Billy Graham makes faith attractive by way he lives
A fellow who met Billy Graham more than 30 years ago remarked that the evangelist was the most serene person he'd ever encountered. "Serene" is still a good word to describe Mr. Graham as he appears in television and newspaper interviews preceding this weekend's crusade in New York City — which he says may be the last one that he will personally hold.
Mr. Graham, 86, exudes what Mark Twain called "the calm confidence of a Christian with four aces." His faith in God gives him personal peace even while his health fails, and he's as certain as ever that faith is the solution to people's problems.
But he is nonjudgmental and disinclined to give peripheral advice. He has befriended presidents of both parties since Harry Truman, but he told The New York Times that he won't preach on politics.
"I'm just going to preach the gospel and not going to get off on all these hot button issues," he said. "... If I get on these other subjects, it divides the audience ... And if they come to Christ, they hopefully come to a church where they will learn more about their responsibility in society."
Pressed to comment on homosexuality, for example, he says it's a sin, but so are a lot of other things. He continues to stress love and forgiveness (themes that you can see in his column that appears in THE DAILY).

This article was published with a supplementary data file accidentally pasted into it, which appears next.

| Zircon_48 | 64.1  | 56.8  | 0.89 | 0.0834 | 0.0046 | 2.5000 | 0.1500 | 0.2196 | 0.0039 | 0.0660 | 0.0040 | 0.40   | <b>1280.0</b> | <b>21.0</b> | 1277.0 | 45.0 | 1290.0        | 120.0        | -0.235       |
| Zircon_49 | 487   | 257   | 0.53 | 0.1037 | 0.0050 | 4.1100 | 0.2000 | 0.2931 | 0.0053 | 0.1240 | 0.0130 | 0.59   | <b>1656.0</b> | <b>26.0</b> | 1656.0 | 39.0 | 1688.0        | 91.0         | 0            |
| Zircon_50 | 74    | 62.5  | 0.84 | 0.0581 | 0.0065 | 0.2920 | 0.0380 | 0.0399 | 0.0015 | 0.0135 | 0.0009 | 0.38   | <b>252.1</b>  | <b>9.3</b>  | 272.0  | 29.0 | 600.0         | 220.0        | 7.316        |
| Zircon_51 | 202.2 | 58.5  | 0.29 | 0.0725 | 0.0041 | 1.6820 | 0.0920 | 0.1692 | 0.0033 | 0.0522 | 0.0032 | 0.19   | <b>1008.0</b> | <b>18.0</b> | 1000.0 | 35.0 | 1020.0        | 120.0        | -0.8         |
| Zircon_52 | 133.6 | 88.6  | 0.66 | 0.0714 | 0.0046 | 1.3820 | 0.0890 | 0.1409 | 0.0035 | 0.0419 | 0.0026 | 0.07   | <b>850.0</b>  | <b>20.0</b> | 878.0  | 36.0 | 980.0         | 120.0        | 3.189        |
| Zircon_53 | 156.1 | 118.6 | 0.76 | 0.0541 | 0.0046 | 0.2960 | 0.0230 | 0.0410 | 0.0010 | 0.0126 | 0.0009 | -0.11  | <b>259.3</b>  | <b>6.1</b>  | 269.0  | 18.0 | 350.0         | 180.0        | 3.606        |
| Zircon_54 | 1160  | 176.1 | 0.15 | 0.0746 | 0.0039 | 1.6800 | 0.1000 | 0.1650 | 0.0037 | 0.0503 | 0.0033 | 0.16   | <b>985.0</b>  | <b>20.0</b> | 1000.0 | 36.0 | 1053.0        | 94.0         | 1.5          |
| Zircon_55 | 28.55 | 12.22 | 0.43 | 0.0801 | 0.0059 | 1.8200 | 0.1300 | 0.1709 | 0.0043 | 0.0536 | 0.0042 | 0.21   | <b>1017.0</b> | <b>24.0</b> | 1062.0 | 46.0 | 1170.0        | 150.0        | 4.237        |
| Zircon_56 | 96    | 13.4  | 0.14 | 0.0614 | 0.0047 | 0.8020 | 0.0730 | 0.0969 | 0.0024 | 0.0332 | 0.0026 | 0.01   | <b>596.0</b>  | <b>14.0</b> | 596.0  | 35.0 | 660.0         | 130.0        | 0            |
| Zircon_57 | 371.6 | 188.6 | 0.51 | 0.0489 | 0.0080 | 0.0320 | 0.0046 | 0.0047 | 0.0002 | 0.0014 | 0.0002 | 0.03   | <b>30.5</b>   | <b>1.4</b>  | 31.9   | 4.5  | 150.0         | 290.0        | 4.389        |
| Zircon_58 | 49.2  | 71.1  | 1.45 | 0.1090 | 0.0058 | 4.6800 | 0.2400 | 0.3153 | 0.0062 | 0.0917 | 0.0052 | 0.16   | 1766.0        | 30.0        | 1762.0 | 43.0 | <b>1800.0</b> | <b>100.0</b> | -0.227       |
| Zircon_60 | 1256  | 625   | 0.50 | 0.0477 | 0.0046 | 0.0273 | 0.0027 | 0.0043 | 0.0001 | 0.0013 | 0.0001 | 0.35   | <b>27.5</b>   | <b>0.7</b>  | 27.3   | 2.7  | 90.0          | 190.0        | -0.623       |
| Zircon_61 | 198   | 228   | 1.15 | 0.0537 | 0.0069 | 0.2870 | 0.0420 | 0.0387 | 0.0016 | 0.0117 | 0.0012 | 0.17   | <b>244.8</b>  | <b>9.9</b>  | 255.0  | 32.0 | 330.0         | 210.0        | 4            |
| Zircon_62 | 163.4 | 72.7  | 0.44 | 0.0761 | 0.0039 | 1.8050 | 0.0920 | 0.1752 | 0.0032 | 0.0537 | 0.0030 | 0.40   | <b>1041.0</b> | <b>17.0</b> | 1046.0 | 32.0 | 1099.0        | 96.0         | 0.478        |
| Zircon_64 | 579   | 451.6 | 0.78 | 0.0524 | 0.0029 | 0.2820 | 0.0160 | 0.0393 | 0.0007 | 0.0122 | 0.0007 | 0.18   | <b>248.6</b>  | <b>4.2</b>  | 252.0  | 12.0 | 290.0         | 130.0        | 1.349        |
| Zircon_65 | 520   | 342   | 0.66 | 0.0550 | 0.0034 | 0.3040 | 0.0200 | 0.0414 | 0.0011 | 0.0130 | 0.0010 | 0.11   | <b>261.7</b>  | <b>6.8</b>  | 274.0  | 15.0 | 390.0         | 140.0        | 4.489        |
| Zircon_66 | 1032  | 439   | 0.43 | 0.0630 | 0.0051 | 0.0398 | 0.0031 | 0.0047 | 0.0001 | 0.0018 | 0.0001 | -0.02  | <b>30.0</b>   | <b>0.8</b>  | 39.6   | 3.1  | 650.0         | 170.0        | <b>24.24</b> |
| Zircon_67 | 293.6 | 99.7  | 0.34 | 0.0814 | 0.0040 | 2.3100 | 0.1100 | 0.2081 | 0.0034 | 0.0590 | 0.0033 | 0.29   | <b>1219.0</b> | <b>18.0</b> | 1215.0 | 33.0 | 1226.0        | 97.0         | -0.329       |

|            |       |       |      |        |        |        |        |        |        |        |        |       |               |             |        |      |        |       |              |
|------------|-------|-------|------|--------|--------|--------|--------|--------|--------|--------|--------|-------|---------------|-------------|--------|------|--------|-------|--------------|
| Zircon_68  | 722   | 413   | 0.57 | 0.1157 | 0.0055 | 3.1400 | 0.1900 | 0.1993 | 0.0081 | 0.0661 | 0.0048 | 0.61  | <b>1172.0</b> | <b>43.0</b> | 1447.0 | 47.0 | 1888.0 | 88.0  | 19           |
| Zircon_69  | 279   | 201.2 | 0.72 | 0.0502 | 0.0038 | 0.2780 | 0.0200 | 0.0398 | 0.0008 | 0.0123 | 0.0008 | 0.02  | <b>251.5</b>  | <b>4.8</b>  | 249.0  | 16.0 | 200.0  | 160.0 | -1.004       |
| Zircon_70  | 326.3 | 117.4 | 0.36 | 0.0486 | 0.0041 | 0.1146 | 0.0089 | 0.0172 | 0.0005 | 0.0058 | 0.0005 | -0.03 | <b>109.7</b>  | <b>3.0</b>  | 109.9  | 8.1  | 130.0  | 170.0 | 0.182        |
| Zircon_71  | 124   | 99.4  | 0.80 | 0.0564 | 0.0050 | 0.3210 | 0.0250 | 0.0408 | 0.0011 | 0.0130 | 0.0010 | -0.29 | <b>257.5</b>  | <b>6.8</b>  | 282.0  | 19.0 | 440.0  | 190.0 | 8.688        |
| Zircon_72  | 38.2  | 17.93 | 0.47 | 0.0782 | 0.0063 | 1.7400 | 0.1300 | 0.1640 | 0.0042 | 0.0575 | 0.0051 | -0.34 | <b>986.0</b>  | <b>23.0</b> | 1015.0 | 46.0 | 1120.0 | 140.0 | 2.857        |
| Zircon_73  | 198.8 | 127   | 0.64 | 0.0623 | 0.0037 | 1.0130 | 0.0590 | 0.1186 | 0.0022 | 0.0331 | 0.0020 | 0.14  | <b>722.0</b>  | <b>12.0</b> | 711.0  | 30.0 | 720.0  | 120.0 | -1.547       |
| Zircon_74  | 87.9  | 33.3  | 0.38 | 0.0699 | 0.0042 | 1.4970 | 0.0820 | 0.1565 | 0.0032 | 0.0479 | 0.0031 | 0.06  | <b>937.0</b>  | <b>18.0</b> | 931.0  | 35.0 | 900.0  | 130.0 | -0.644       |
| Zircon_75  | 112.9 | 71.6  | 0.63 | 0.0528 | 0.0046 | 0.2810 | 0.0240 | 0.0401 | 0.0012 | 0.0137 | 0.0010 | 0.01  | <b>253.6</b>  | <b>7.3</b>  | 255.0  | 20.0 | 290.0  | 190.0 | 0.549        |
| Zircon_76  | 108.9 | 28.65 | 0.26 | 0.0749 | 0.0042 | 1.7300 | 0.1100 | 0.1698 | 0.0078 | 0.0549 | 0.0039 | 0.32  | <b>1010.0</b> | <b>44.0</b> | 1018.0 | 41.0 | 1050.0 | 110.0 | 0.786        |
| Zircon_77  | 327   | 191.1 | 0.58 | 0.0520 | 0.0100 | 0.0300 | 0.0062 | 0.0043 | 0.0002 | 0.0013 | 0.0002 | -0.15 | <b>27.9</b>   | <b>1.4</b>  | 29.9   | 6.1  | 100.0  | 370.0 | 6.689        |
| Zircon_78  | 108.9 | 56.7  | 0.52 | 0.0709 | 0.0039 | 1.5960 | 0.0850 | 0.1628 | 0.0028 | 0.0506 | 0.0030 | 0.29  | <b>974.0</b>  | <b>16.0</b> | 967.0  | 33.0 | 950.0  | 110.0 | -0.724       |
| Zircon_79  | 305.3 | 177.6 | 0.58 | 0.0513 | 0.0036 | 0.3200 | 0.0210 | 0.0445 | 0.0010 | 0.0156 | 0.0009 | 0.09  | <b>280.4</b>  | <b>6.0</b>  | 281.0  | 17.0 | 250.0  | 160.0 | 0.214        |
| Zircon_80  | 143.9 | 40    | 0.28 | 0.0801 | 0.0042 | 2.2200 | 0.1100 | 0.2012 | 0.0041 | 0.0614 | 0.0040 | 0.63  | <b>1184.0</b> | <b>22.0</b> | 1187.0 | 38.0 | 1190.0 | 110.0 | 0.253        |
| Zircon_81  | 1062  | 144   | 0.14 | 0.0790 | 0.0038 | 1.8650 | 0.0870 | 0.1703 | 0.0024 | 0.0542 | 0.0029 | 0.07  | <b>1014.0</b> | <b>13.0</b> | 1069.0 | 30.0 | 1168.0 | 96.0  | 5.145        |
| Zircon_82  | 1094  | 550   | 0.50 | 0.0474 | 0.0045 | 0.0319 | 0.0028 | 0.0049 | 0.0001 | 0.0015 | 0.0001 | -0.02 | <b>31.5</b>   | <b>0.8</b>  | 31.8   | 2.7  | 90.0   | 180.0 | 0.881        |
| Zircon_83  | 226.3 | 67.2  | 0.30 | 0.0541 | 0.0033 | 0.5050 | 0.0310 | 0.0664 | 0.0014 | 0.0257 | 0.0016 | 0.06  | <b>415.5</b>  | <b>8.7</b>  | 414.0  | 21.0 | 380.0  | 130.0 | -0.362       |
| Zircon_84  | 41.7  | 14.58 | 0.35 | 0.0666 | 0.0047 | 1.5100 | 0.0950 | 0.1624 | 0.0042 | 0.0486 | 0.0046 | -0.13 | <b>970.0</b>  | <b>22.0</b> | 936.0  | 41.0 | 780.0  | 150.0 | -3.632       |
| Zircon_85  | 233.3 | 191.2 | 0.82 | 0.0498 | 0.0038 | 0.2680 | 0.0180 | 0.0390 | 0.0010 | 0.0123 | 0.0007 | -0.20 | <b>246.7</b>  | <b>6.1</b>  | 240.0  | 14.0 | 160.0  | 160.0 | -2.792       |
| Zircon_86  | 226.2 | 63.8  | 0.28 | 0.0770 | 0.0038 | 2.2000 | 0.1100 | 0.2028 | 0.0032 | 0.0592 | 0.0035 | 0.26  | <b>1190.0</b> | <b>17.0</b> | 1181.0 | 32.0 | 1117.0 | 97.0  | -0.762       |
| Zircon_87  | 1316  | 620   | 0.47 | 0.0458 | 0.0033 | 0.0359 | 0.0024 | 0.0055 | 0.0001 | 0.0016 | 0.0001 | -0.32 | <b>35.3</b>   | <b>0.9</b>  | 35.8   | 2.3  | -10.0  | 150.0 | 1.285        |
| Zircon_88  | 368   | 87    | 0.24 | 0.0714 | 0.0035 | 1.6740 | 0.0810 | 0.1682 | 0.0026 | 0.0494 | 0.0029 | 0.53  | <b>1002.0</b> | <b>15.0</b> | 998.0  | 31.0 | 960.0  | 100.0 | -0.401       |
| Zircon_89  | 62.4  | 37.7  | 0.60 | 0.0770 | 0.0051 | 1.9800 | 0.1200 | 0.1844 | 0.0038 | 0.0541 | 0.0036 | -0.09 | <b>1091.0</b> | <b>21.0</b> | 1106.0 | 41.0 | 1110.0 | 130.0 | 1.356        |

Mr. Graham's greatest influence may be his example. He doesn't hold himself to be a great theologian (he says he wishes he'd gotten more education), and his preaching style and message are not complicated. But the sex and money scandals that brought down other evangelists have raised his stature by comparison. He is open about his organization's finances and doesn't live in grand style off the offerings; he has carefully avoided compromising situations with women.
His son, Franklin Graham, told a crusade audience in Nashville a few years ago that there are not two Billy Grahams — the one you see on stage is the same one he sees at home. Billy Graham takes the blame for his own flaws and shifts credit for his accomplishments to other people and God.
"What worries you the most?" talk-show host Larry King asked him Thursday night.
"Poverty in the world" was Mr. Graham's quick reply.
Christianity and other religions could use a few more leaders like Billy Graham — positive, loving and helpful, concerned about people's needs, while aversive to trouble and conflict.